Nick West’s Aim Is Usually True
Nick West, who, had he not suffered a broken foot in a semifinal win, would have provided East Hampton High School’s boys soccer team with considerably more firepower in its 2014 state final versus Rochester’s Greece Athena, which the Bonackers lost 4-2, has been the collegiate men’s soccer scoring leader — that’s D-III, D-II, and D-I — in the nation this fall.
A senior at Messiah College in Mechanicsburg, Pa., winner of 11 national Division III championships, West plays target, or the striker position, now, and has been averaging almost two goals a game, though as was made evident in a telephone conversation Monday, he’s not really keeping track.
Likewise, he’s not thinking too far ahead when it comes to Messiah’s possibly winning back-to-back national championships or about possibly playing professionally some day.
Messiah’s coach, Brad McCarty, said in an email Friday that he’s most impressed by “the percentage of shots that he puts on goal. Many targets put around 25 percent of their shots on goal, but Nick, who can receive the ball with his back to the goal, is currently 44-for-63, for a shots-on-goal percentage of 69.8.”
The college’s gomessiah.com website has numerous videos in which he appears prominently, including one from earlier in the season in which he netted a hat trick.
West scored his 19th goal in Saturday’s Middle Atlantic Conference game with Albright, on a through ball in the 54th minute. His was one of four goals the Falcons scored that night on the way to a shutout win. It was McCarty’s 200th victory as Messiah’s head coach.
Rich King, West’s coach when he was a student here, who now coaches East Hampton High’s golf team, said that while it was tremendous that the former Bonacker led the nation in scoring, he, frankly, wasn’t surprised. As for his playing professionally some day — it’s an ambition that his mother, Kristen Tulp, harbors for him — “I think Nick can do anything he sets his mind on doing.”
West was the national tournament’s most valuable offensive player last year. His older brother, Brandon, who now coaches the women’s soccer team at Eastern University in Philadelphia, has two national championship rings, dating to Messiah’s 2013 and ’14 seasons. “Nick’s hoping to tie him,” Tulp said during a conversation Friday at the John M. Marshall Elementary School, where she teaches.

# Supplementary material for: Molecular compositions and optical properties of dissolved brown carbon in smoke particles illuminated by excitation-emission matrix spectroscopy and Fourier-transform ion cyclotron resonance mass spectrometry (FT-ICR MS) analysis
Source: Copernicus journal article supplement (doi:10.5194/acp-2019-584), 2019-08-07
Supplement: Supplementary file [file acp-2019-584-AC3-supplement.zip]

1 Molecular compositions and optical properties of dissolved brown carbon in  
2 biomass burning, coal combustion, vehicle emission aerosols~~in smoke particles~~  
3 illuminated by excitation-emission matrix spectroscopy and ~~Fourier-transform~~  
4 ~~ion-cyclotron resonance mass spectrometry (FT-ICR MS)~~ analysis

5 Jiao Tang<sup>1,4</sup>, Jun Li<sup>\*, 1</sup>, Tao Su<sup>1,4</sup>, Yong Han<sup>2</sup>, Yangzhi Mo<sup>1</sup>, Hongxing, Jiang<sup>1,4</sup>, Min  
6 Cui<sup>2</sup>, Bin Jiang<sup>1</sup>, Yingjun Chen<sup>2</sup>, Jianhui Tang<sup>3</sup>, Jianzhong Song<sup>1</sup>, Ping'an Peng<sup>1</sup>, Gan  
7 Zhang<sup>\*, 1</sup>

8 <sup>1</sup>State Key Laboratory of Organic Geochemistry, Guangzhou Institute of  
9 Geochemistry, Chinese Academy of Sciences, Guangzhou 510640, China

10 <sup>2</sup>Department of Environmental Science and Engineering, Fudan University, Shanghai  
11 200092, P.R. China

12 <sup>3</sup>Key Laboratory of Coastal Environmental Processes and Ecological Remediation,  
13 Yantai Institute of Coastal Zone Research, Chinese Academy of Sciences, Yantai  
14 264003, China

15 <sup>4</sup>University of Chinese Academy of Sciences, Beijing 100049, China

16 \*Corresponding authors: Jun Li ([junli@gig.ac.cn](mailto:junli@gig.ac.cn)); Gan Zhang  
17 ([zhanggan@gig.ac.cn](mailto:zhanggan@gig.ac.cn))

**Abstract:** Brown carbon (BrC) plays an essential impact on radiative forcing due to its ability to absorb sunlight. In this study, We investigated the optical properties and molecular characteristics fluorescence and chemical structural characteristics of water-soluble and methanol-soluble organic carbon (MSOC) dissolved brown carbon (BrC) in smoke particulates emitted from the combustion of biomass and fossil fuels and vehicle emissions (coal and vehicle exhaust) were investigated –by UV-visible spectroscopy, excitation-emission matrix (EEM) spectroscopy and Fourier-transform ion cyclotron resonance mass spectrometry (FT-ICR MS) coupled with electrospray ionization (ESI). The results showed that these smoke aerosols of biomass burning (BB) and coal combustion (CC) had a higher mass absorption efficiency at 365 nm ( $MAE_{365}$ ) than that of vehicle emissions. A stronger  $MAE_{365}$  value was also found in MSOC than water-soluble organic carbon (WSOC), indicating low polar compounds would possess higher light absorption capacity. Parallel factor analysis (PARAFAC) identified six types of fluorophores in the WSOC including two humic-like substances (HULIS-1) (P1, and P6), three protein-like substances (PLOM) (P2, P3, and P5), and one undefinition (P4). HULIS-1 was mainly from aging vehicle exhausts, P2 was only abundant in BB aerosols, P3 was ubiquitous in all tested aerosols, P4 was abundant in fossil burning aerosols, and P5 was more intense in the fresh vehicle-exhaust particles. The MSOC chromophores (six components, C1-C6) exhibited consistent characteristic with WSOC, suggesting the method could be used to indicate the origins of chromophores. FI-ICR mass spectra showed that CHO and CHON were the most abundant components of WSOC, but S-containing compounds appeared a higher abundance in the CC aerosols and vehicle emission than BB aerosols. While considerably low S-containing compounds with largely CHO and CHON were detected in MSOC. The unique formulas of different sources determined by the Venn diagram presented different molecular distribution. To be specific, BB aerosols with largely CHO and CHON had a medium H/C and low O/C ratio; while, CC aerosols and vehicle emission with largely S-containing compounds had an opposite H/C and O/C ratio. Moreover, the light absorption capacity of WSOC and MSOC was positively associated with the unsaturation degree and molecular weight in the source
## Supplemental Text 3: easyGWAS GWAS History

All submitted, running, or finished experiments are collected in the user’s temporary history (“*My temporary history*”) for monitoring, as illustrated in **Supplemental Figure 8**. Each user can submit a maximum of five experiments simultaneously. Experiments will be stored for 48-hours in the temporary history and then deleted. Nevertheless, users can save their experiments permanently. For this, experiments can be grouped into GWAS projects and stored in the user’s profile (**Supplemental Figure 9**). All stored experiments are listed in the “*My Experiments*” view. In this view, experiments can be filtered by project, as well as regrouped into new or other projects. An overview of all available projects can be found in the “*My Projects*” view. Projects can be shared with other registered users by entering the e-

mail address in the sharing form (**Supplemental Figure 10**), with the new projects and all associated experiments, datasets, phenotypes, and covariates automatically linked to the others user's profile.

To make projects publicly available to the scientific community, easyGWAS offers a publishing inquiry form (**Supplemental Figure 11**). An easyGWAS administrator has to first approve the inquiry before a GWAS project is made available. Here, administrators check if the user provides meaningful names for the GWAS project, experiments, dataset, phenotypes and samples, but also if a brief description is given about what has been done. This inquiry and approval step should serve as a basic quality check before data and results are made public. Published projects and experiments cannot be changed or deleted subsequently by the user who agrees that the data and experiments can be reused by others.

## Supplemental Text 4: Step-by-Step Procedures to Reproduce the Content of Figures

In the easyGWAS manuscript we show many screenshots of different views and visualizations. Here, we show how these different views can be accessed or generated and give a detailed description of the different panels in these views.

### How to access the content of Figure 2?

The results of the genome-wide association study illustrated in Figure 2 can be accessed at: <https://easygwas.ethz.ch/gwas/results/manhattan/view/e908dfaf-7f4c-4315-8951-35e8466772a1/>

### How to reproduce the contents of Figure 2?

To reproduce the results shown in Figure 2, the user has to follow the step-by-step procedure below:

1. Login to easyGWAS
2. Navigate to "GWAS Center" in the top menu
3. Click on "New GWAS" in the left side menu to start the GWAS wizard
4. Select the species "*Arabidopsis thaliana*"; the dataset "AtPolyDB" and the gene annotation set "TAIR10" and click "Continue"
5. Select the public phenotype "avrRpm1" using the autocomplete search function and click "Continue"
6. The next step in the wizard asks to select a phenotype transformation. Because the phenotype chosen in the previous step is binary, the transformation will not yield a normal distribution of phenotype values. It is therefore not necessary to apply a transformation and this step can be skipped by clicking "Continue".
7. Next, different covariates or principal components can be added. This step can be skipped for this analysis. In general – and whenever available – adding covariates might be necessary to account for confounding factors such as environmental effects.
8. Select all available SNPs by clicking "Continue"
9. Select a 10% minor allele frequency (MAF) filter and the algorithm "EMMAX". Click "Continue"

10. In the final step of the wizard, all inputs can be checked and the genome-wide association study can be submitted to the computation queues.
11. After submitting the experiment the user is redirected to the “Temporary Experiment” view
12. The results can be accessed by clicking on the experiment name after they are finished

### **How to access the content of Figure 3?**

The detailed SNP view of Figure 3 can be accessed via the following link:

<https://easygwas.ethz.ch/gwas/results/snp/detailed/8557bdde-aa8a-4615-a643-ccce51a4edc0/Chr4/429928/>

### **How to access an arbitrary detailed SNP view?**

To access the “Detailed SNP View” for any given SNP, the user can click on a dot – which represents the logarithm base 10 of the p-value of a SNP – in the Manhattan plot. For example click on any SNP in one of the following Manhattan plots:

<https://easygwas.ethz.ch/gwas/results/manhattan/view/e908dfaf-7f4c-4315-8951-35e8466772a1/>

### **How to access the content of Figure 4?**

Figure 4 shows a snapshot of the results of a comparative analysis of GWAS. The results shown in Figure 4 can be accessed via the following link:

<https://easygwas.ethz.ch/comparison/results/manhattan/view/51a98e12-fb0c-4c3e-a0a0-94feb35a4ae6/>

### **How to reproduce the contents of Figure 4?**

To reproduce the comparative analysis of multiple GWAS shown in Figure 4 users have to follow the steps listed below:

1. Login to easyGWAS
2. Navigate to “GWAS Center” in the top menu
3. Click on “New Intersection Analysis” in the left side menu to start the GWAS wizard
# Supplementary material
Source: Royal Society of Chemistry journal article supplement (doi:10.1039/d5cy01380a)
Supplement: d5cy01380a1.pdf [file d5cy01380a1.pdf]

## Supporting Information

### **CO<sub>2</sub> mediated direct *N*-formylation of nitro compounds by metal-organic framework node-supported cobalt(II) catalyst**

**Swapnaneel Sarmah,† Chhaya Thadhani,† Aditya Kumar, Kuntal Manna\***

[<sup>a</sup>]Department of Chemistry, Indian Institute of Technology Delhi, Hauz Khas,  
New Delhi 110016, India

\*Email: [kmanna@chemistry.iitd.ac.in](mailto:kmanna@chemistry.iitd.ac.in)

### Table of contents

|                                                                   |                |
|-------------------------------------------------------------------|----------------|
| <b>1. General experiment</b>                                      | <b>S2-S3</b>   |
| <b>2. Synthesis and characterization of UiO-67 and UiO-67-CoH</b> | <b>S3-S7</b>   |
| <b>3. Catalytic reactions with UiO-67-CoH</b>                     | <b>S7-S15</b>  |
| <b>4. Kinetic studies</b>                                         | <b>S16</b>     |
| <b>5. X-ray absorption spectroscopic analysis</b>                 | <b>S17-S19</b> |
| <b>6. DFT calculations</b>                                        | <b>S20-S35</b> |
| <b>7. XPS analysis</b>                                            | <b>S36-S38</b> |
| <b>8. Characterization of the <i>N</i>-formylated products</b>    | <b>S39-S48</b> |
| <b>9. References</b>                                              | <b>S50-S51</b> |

Tulp, who used to drive her son to frequent travel team practices and games in Nassau County, has gone to just about all of her son’s games, most of which are played throughout the state of Pennsylvania. “I’ll be bored next year,” she said, with a laugh.
As for his being the nation’s scoring leader, “It’s quite an accomplishment, and he’s not even done yet.” Five conference games remained for the Falcons as of Monday, after which come the MAC playoffs. The team was 10-0-2 as of earlier this week.
“He’s hoping to go pro,” she said, in answer to a question, “but he’s very humble and won’t say it out loud. There’ve been some people there at his games.”
His older brother was “thrilled beyond belief,” she added.
When this writer mentioned the broken foot — obviously healed long ago — his mother said, “That wasn’t all — in his sophomore year he broke his arm in a go-kart accident that severed his radial nerve. He’s got titanium in it. Randi [Cherill, East Hampton High’s former trainer] put him back together. . . . He’s risen above a few challenges.”
“Nick has been a standard-bearer for his work ethic since he arrived here as a freshman, and continues to provide this team with leadership both on and off the field,” McCarty said in the aforementioned email. “He was integral to our N.C.A.A. Division III national championship run last year, with 14 goals and seven assists. He was named the Final Four’s offensive most valuable player. This fall we moved him from left wing to target, and he has been tremendous. With his [18th] goal last night he broke a Messiah College record by scoring in nine straight games.”